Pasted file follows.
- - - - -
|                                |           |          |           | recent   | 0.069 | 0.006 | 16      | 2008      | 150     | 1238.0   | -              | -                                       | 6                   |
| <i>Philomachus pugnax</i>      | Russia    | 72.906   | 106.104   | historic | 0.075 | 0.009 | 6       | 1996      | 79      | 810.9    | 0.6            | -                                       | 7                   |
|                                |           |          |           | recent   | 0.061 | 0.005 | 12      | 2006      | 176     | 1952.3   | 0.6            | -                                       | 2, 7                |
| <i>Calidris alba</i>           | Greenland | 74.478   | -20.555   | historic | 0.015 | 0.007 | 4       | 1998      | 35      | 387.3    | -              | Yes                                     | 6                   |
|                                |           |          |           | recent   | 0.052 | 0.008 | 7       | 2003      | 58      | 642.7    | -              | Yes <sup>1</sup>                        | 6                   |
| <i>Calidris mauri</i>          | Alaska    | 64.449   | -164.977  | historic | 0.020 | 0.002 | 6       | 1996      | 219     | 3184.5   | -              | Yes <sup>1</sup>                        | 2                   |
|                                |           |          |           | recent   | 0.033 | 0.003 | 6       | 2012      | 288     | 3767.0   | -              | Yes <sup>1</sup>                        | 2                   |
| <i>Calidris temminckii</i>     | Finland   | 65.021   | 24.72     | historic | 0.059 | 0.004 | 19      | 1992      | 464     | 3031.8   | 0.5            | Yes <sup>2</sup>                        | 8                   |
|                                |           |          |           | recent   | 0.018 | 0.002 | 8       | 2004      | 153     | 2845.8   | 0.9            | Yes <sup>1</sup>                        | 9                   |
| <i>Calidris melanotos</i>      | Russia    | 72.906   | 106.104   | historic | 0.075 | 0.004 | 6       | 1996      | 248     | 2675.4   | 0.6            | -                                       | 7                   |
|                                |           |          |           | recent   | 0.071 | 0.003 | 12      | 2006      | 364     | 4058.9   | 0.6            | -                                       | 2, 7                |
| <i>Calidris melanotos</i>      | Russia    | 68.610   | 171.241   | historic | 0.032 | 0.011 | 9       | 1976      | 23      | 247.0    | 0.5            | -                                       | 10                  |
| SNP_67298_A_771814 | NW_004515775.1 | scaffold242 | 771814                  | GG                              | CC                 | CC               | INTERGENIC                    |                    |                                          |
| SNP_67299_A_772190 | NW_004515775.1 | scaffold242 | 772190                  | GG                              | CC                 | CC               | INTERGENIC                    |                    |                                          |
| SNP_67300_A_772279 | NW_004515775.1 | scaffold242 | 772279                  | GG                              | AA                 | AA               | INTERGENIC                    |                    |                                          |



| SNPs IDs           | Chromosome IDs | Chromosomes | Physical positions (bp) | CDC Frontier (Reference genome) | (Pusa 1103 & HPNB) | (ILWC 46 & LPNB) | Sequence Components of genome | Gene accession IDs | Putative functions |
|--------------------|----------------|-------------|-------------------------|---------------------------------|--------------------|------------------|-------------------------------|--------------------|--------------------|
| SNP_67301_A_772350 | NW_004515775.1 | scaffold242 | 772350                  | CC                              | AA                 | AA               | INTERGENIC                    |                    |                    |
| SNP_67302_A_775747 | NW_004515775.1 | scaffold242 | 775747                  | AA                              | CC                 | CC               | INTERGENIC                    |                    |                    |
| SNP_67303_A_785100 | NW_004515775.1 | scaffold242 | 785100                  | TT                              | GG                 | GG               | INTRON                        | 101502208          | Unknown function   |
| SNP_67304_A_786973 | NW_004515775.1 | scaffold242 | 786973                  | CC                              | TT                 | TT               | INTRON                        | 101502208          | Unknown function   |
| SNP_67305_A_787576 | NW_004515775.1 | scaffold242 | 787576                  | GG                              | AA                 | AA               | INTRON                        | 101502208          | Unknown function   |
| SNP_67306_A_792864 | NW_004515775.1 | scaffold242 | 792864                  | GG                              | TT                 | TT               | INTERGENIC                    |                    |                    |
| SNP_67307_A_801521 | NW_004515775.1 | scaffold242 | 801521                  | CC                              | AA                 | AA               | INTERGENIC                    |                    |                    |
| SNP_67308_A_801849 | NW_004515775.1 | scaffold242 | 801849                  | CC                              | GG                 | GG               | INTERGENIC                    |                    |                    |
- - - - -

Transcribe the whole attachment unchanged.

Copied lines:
|                                |           |          |           | recent   | 0.069 | 0.006 | 16      | 2008      | 150     | 1238.0   | -              | -                                       | 6                   |
| <i>Philomachus pugnax</i>      | Russia    | 72.906   | 106.104   | historic | 0.075 | 0.009 | 6       | 1996      | 79      | 810.9    | 0.6            | -                                       | 7                   |
|                                |           |          |           | recent   | 0.061 | 0.005 | 12      | 2006      | 176     | 1952.3   | 0.6            | -                                       | 2, 7                |
| <i>Calidris alba</i>           | Greenland | 74.478   | -20.555   | historic | 0.015 | 0.007 | 4       | 1998      | 35      | 387.3    | -              | Yes                                     | 6                   |
|                                |           |          |           | recent   | 0.052 | 0.008 | 7       | 2003      | 58      | 642.7    | -              | Yes <sup>1</sup>                        | 6                   |
| <i>Calidris mauri</i>          | Alaska    | 64.449   | -164.977  | historic | 0.020 | 0.002 | 6       | 1996      | 219     | 3184.5   | -              | Yes <sup>1</sup>                        | 2                   |
|                                |           |          |           | recent   | 0.033 | 0.003 | 6       | 2012      | 288     | 3767.0   | -              | Yes <sup>1</sup>                        | 2                   |
| <i>Calidris temminckii</i>     | Finland   | 65.021   | 24.72     | historic | 0.059 | 0.004 | 19      | 1992      | 464     | 3031.8   | 0.5            | Yes <sup>2</sup>                        | 8                   |
|                                |           |          |           | recent   | 0.018 | 0.002 | 8       | 2004      | 153     | 2845.8   | 0.9            | Yes <sup>1</sup>                        | 9                   |
| <i>Calidris melanotos</i>      | Russia    | 72.906   | 106.104   | historic | 0.075 | 0.004 | 6       | 1996      | 248     | 2675.4   | 0.6            | -                                       | 7                   |
|                                |           |          |           | recent   | 0.071 | 0.003 | 12      | 2006      | 364     | 4058.9   | 0.6            | -                                       | 2, 7                |
| <i>Calidris melanotos</i>      | Russia    | 68.610   | 171.241   | historic | 0.032 | 0.011 | 9       | 1976      | 23      | 247.0    | 0.5            | -                                       | 10                  |
| SNP_67298_A_771814 | NW_004515775.1 | scaffold242 | 771814                  | GG                              | CC                 | CC               | INTERGENIC                    |                    |                                          |
| SNP_67299_A_772190 | NW_004515775.1 | scaffold242 | 772190                  | GG                              | CC                 | CC               | INTERGENIC                    |                    |                                          |
| SNP_67300_A_772279 | NW_004515775.1 | scaffold242 | 772279                  | GG                              | AA                 | AA               | INTERGENIC                    |                    |                                          |



| SNPs IDs           | Chromosome IDs | Chromosomes | Physical positions (bp) | CDC Frontier (Reference genome) | (Pusa 1103 & HPNB) | (ILWC 46 & LPNB) | Sequence Components of genome | Gene accession IDs | Putative functions |
|--------------------|----------------|-------------|-------------------------|---------------------------------|--------------------|------------------|-------------------------------|--------------------|--------------------|
| SNP_67301_A_772350 | NW_004515775.1 | scaffold242 | 772350                  | CC                              | AA                 | AA               | INTERGENIC                    |                    |                    |
| SNP_67302_A_775747 | NW_004515775.1 | scaffold242 | 775747                  | AA                              | CC                 | CC               | INTERGENIC                    |                    |                    |
| SNP_67303_A_785100 | NW_004515775.1 | scaffold242 | 785100                  | TT                              | GG                 | GG               | INTRON                        | 101502208          | Unknown function   |
| SNP_67304_A_786973 | NW_004515775.1 | scaffold242 | 786973                  | CC                              | TT                 | TT               | INTRON                        | 101502208          | Unknown function   |
| SNP_67305_A_787576 | NW_004515775.1 | scaffold242 | 787576                  | GG                              | AA                 | AA               | INTRON                        | 101502208          | Unknown function   |
| SNP_67306_A_792864 | NW_004515775.1 | scaffold242 | 792864                  | GG                              | TT                 | TT               | INTERGENIC                    |                    |                    |
| SNP_67307_A_801521 | NW_004515775.1 | scaffold242 | 801521                  | CC                              | AA                 | AA               | INTERGENIC                    |                    |                    |
| SNP_67308_A_801849 | NW_004515775.1 | scaffold242 | 801849                  | CC                              | GG                 | GG               | INTERGENIC                    |                    |                    |